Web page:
Morgan and his associates knew the behavior of chromosomes and the Chromosomal Theory of Inheritance during meiosis and that the genes were on the X chromosome, and they noticed right away that when the genes in a dihybrid cross were on the same chromosome, the fraction of parental gene combinations were substantially higher than the non-parental kind.
While working on this theory of inheritance, Morgan attributed this to the physical relationship or linkage of the two genes, coining the terms linkage and recombination to characterize this physical association of genes on a chromosome and the production of non-parental gene combinations, respectively.
While working on the Chromosomal Theory of Inheritance, Morgan and his colleagues also discovered that even when genes were grouped on the same chromosome, some were firmly coupled (with little recombination via the homologous chromosomes), and others were loosely linked (showed higher recombination).
Chromosomal Theory of Inheritance states that the exchange of genetic material between several chromosomes or different areas of the same chromosome is known as DNA recombination.
Homology is usually involved in this process; homologous chromosome sections line up in preparation for transfer, and some level of sequence identity is required.
However, there are some occurrences of non – homologous recombination exchange of genetic data between newly multiplied chromosomes during meiosis is an essential example of crossover in diploid eukaryotic animals.
Chromosomal Theory of Inheritance states that each gamete contains both maternal and paternal genetic material, allowing the eventual offspring to acquire genes from all four of their grandparents, resulting in the greatest genetic variety possible.
Experiments with maize were the first to illustrate the importance of recombination in chromosomal inheritance. Barbara McClintock and Harriet Creighton discovered evidence for recombination in maize chromosomes by physically tracing an odd knob structure through numerous genetic crosses in 1931.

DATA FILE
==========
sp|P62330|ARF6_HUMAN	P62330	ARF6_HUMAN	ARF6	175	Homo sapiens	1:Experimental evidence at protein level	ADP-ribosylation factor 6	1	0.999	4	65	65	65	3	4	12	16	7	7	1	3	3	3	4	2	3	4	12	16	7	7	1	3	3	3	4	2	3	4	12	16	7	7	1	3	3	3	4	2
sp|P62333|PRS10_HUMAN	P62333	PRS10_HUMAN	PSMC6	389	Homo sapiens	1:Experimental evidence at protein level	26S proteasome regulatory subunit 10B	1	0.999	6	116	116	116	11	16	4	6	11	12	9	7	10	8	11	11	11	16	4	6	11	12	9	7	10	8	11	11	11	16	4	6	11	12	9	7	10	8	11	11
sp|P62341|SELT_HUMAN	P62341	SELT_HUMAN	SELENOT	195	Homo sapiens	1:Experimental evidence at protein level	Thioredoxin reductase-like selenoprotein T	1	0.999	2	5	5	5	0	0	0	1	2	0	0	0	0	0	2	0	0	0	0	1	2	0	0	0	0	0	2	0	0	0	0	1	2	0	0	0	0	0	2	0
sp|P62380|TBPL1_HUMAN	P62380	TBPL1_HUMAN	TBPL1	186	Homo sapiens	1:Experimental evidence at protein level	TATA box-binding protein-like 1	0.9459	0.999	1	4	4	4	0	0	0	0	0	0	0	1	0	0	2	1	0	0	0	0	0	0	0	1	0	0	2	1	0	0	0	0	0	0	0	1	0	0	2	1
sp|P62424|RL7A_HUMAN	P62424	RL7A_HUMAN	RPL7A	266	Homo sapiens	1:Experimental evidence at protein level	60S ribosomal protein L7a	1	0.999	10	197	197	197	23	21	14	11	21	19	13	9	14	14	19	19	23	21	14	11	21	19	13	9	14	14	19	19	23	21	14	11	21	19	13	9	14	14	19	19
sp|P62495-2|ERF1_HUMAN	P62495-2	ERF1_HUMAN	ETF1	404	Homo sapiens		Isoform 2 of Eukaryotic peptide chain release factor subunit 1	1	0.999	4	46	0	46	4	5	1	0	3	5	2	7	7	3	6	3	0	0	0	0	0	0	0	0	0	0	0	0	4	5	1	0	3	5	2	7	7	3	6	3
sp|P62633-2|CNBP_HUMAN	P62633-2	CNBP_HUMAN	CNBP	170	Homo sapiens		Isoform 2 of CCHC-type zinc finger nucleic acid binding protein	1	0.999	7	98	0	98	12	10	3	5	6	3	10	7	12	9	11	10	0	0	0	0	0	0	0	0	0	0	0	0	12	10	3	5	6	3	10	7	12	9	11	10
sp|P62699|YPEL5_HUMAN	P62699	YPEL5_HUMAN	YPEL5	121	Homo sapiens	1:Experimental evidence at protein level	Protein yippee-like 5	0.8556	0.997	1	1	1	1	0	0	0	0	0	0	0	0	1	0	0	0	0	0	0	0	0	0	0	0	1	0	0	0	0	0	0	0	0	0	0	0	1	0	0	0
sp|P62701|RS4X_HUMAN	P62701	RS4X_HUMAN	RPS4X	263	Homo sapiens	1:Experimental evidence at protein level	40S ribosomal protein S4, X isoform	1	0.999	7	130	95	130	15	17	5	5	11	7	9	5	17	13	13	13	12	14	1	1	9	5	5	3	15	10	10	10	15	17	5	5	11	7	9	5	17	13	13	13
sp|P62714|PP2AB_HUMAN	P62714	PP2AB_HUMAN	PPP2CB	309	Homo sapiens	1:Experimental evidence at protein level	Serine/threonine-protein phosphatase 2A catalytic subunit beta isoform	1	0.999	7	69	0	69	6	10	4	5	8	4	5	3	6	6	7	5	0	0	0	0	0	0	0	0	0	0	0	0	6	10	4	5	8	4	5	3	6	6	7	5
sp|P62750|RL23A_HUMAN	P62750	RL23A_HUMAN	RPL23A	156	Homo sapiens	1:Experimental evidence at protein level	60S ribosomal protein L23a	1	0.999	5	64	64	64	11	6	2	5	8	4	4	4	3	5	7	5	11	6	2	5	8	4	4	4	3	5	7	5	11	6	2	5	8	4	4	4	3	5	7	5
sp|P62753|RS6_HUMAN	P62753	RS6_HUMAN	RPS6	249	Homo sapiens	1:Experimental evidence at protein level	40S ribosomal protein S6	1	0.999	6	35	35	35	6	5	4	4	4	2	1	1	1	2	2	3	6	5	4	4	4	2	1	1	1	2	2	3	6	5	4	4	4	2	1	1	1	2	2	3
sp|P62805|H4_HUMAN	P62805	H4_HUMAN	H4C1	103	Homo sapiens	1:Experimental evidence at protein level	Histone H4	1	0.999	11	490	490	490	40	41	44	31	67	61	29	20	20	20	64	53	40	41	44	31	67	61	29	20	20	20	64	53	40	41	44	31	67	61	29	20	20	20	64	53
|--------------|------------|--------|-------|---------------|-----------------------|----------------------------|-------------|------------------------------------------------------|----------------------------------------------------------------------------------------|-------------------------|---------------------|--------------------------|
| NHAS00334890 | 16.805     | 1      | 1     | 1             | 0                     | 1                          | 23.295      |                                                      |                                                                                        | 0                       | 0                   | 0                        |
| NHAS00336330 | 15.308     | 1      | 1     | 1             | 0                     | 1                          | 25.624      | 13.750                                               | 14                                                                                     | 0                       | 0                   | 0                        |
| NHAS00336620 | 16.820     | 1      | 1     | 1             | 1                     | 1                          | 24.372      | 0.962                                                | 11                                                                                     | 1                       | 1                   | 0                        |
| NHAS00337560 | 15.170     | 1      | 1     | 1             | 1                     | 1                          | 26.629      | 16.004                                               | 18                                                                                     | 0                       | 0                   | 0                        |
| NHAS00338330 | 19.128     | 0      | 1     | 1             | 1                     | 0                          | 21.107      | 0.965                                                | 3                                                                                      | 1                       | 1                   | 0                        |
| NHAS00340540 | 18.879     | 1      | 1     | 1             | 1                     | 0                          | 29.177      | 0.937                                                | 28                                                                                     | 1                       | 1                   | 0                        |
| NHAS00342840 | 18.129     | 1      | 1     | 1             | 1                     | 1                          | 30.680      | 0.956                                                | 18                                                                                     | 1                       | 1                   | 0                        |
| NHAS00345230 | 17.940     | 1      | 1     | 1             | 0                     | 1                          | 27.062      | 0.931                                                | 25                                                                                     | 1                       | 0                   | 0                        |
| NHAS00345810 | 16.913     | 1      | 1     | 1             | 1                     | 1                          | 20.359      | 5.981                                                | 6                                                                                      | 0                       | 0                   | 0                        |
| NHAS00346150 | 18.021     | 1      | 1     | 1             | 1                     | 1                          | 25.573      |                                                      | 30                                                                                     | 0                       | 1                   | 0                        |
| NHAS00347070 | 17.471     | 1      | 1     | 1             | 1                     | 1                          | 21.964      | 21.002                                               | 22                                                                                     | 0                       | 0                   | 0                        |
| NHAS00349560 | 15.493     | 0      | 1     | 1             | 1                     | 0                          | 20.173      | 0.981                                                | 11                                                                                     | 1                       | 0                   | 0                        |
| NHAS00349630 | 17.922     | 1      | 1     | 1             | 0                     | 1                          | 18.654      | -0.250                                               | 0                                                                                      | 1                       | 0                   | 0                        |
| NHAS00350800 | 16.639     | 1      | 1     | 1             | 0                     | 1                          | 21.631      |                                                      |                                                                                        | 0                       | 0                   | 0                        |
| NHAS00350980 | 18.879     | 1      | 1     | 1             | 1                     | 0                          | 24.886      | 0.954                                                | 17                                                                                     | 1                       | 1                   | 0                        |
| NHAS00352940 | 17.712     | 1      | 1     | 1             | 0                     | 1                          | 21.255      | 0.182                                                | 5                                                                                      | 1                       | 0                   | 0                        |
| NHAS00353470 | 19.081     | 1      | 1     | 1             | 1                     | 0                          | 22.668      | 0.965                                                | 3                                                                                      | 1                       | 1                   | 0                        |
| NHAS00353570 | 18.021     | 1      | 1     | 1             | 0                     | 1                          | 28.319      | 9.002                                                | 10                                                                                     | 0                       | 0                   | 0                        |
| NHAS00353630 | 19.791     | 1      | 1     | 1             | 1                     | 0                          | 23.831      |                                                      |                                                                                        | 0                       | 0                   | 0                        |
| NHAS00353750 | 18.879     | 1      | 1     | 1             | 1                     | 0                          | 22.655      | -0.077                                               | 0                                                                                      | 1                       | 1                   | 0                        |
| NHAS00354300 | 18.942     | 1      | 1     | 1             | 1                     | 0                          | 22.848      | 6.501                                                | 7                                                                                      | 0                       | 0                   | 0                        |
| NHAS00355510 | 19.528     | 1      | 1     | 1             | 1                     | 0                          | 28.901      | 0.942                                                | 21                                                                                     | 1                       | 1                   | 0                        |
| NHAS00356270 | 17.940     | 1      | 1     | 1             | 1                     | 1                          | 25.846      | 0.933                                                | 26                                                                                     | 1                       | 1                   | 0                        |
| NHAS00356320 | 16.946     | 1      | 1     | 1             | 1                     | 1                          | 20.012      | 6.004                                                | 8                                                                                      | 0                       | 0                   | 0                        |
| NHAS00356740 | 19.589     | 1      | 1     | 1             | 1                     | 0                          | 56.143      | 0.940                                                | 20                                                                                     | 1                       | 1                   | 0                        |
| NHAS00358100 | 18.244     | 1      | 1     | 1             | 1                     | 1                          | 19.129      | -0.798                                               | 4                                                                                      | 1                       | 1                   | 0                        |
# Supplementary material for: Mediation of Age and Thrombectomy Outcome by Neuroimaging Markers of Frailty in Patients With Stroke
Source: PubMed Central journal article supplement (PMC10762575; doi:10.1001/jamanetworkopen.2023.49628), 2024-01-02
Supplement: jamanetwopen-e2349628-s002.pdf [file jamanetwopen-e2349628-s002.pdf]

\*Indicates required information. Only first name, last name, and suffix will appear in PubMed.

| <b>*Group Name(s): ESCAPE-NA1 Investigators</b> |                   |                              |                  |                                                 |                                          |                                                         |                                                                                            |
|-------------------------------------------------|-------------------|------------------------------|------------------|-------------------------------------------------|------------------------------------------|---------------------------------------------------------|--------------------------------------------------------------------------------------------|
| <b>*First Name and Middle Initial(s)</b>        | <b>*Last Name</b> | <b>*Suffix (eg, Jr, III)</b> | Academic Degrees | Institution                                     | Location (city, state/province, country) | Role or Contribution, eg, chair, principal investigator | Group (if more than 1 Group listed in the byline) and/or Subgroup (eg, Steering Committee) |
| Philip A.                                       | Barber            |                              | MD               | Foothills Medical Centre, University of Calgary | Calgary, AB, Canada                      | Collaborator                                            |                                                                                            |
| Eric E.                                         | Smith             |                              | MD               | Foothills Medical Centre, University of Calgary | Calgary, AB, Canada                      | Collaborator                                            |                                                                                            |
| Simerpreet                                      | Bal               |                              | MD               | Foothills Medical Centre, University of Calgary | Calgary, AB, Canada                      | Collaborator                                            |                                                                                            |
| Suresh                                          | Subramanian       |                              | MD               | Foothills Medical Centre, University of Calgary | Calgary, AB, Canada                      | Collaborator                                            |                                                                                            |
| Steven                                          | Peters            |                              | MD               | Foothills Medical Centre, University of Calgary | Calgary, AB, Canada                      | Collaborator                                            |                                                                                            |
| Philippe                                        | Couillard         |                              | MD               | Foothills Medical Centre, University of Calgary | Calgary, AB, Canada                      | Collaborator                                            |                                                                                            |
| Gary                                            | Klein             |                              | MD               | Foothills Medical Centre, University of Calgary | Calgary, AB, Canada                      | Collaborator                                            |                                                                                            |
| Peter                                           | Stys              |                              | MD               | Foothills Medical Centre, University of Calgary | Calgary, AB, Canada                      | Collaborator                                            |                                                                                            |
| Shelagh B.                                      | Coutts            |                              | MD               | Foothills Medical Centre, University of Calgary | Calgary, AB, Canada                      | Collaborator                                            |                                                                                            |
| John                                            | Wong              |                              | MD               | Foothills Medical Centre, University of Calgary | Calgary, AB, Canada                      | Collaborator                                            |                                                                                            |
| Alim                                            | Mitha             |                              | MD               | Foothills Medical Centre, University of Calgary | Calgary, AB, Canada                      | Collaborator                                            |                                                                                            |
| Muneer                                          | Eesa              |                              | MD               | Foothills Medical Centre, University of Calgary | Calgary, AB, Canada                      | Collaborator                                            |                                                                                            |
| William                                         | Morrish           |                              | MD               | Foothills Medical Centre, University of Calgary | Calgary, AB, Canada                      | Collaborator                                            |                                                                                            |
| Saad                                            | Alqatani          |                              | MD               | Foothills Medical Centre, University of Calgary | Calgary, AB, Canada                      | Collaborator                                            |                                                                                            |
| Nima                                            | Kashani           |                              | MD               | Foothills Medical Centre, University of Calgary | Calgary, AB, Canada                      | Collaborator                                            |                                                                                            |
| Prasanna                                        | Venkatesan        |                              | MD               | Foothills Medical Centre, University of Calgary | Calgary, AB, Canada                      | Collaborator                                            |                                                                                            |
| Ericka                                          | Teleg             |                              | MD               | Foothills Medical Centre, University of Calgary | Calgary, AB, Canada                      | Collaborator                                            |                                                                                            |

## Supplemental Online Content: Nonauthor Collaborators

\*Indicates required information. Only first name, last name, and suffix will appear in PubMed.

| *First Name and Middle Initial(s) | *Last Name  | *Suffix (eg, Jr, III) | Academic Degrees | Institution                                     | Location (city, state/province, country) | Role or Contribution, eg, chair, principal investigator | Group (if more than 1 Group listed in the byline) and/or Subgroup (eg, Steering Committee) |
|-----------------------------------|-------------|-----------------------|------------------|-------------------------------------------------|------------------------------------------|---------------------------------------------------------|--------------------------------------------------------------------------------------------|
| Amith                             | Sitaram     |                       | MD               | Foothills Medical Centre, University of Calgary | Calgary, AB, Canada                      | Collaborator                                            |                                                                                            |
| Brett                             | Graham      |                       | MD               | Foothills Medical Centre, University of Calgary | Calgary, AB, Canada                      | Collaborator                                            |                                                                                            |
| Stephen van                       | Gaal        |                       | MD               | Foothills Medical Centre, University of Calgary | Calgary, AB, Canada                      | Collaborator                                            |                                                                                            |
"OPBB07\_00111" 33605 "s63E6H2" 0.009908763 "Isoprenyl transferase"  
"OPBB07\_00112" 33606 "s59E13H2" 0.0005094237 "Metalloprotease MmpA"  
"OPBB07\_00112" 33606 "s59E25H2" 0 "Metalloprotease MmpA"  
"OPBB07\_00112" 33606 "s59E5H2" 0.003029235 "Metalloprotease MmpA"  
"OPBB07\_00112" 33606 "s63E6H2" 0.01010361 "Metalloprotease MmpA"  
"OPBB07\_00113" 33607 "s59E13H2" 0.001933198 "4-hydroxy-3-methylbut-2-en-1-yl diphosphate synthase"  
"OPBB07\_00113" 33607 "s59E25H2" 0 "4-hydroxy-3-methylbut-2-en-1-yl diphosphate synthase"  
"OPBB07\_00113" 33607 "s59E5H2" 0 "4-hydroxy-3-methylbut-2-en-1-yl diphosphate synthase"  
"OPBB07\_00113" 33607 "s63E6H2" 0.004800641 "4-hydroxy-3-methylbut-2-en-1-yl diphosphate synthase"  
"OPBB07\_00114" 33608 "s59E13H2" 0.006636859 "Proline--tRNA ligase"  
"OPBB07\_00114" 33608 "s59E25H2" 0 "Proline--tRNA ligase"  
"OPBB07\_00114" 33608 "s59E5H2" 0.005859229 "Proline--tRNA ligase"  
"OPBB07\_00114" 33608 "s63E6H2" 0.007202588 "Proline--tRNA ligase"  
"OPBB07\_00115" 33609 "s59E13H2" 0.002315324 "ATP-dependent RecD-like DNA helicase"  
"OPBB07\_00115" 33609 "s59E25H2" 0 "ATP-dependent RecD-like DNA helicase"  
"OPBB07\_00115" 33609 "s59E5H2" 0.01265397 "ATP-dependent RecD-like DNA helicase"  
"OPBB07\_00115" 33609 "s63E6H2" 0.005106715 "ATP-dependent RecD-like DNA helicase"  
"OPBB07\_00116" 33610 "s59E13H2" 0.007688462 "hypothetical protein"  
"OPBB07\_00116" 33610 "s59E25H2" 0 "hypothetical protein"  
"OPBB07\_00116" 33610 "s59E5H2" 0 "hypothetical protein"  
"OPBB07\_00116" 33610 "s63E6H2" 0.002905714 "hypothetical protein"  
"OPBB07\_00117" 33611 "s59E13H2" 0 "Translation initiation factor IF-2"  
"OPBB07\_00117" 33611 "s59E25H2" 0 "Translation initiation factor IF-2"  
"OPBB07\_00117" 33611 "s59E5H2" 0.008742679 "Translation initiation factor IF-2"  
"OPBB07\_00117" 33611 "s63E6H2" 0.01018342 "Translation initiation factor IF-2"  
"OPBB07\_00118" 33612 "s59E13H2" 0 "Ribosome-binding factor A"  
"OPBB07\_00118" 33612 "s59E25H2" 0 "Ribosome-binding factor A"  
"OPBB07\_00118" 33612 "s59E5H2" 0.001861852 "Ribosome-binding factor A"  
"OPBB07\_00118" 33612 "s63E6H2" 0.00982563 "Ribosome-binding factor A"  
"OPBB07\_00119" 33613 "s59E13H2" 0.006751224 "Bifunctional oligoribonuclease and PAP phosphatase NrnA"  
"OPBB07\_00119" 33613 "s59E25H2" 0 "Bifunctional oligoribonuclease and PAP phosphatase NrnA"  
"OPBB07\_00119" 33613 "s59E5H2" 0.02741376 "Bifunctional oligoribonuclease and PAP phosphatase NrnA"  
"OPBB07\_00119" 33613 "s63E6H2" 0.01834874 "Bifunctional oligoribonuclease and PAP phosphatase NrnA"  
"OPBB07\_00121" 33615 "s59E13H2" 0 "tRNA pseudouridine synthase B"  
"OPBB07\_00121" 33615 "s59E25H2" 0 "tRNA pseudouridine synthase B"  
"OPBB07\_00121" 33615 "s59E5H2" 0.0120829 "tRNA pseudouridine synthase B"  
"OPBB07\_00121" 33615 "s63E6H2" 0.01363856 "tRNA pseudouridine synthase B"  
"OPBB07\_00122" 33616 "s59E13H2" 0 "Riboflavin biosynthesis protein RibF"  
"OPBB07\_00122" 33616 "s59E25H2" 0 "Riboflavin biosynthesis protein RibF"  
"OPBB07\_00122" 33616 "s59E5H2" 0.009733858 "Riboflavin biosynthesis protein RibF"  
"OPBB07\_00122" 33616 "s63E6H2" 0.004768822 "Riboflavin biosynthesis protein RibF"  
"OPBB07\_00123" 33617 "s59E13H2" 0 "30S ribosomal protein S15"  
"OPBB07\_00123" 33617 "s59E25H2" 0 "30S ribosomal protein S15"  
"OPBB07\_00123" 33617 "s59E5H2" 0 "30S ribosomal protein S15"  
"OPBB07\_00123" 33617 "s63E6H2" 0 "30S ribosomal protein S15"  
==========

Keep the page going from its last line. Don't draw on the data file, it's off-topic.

The scientists were able to establish that some alleles were physically related to the knobbed chromosome, while others were tied to the regular Chromosomal Theory of Inheritance, using a maize strain in which one member of a chromosomal pair exhibited the knob, but its counterpart did not.
Following these alleles through meiosis, McClintock and Creighton discovered that alleles for certain phenotypic features were physically swapped between chromosomes according to this Chromosomal Theory of Inheritance.
6. Pedigree Analysis
We can’t invite different individuals to mate and generate a large number of offspring in order to investigate human inheritance patterns. In order to infer inheritance patterns, we rely on pedigree analysis.
A pedigree chart displays a family tree in which the family members impacted by a particular genetic trait are depicted. Gene ramming and gene expressivity can also be estimated via pedigree analysis.
Penetrance refers to the likelihood that a disease may manifest in a person who contains an allele indicating that the disease is suspected.
For instance, if one-half of all people who carry a dominant gene eventually develop the disease, the gene has a 50% penetrance. The spectrum of symptoms and severity associated with various illness states is referred to as expressivity.
Males are symbolized by squares, whereas females are symbolized by circles.